Marx and communism
I have been reading some of Marx’s writings. I find him to be very good reading. I would like to hear your views on what he called “crude communism”. The passages I refer to are in his Economic and Philosophical Manuscripts. In the section “Private property and communism”, he mentions different types of communism which some have the ideal politically but are still under the influence of private property (democratic or despotic). How does this compare with, say, Russia’s state-run system of seventy years? I believe just like the SPGB that Russia’s communism was a form of state-run capitalism. I wonder if Marx would have agreed with this or just called it “crude communism” somewhere between, the first and second stages of development. What is the SPGB’s view on this?
COLIN Robertson, Queenstown, New Zealand
Reply: Marx’s Economic and Philosophical Manuscripts were private notes written in 1844 soon after he became a Socialist; indeed, as he was in the process of working out his Socialist ideas. They make interesting, even fascinating, reading but too much emphasis should not be placed on them. But they at least show that Marx understood from the start that communism/socialism means the abolition of money, private property and the state.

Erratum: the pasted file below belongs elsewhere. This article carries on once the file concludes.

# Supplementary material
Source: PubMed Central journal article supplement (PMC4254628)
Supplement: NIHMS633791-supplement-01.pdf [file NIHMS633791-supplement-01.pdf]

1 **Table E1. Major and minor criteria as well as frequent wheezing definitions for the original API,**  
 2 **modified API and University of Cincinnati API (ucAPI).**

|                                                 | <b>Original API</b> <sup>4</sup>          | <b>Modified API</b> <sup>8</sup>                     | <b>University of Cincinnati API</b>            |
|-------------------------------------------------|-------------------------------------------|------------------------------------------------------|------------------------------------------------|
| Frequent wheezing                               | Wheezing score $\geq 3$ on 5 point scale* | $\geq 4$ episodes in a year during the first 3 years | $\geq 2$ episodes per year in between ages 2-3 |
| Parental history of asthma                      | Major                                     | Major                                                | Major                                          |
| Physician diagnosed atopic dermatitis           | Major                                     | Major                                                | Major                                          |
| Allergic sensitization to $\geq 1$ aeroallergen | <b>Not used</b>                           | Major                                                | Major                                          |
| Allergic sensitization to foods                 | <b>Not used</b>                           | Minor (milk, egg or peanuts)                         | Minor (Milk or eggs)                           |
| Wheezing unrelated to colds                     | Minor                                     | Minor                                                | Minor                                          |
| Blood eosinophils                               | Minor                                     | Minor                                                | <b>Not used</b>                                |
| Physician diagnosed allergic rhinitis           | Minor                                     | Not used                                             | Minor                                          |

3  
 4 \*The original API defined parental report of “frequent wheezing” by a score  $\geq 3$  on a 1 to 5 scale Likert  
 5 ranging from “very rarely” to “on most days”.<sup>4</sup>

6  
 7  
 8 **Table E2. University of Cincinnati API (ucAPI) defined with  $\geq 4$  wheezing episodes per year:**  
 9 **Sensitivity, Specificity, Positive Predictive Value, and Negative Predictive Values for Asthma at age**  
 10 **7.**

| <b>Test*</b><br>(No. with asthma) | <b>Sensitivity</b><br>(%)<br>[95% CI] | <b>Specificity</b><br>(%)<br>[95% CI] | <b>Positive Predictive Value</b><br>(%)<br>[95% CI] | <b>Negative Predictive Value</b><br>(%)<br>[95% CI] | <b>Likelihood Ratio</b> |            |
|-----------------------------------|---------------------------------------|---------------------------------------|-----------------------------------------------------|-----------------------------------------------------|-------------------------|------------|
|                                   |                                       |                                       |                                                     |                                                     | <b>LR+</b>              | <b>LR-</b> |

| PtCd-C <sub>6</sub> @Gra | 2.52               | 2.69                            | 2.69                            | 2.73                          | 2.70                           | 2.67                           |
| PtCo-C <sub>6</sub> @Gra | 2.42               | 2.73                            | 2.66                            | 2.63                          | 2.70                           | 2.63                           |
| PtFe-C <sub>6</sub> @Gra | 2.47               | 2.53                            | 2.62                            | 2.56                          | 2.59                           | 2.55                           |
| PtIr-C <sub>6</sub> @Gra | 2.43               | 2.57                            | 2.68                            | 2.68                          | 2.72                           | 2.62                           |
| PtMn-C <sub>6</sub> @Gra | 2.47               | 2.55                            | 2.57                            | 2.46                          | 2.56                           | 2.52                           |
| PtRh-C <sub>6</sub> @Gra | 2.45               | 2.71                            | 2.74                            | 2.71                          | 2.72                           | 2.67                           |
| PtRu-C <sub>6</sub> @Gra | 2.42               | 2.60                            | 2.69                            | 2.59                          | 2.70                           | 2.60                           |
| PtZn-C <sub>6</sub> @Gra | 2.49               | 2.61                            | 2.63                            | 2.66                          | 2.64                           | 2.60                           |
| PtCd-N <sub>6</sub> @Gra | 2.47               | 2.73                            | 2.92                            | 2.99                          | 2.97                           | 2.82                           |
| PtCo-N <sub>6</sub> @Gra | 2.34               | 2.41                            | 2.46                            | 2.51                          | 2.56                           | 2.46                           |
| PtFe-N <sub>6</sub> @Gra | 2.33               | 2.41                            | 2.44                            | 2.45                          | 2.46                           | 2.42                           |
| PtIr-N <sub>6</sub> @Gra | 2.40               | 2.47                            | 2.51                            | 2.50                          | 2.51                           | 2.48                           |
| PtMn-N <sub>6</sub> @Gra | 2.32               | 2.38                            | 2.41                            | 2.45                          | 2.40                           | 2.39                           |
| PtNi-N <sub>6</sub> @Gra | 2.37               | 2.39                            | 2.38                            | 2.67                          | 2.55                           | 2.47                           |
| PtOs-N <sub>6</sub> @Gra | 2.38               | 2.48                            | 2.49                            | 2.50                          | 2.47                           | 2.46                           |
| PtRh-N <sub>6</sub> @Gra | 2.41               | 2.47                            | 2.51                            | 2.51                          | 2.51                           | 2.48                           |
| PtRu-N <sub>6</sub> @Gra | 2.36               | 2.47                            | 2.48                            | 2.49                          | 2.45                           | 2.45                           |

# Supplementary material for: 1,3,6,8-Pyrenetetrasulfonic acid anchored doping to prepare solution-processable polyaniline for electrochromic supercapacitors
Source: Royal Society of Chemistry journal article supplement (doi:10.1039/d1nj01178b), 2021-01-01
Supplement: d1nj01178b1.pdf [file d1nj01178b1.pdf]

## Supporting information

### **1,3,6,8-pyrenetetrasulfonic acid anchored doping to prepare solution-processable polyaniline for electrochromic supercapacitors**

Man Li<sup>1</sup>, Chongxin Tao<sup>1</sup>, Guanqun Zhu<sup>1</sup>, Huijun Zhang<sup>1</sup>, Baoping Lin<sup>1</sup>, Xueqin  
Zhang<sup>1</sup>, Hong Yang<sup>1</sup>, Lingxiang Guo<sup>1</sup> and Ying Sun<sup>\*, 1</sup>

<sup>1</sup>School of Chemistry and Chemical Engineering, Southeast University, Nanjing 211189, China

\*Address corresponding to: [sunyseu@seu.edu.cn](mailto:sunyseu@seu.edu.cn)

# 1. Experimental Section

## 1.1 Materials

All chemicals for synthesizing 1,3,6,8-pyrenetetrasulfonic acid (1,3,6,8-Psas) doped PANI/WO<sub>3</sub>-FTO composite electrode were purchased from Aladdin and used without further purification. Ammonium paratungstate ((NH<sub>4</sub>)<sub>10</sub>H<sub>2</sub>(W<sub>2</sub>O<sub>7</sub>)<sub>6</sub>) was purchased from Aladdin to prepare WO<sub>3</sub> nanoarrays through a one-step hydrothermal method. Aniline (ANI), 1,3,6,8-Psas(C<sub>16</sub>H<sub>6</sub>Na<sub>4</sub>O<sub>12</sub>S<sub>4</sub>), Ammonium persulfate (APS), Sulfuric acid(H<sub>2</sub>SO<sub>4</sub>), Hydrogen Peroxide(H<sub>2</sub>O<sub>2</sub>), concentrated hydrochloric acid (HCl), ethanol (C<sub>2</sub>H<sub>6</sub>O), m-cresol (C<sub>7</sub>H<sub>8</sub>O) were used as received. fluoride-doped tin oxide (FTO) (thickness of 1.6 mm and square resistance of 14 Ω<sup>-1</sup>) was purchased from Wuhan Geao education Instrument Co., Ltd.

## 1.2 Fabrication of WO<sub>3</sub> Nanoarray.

By “crude communism” Marx seems to have been referring to the ideas of some workers he met in France (where he was then living) who, not taking into account the possibilities opened up by the industrial revolution, felt that full equality between humans could only be realised on the basis of common ownership and equal sharing of what little there was. It was a sort of “communism of scarcity”.
If we were to accept Lenin and Trotsky at their word, they too were trying to establish communism in conditions of scarcity after 1917. Naturally, they failed for a whole host of reasons (lack of majority socialist understanding, isolation, economic backwardness) and it soon became clear that (as Lenin himself openly admitted) what they were building was state-run capitalism not any form of socialism. The “crude communism” which Marx discussed was just a speculation which could never work in practice and which, given the development of industry and productive power in the 19th century, didn’t need to be tried either. From then on the only practicable form of communism/socialism is the form we in the World Socialist Movement advocate, where the principle “from each according to their ability, to each according to their needs” can apply fully-Editors.
No mystery about banking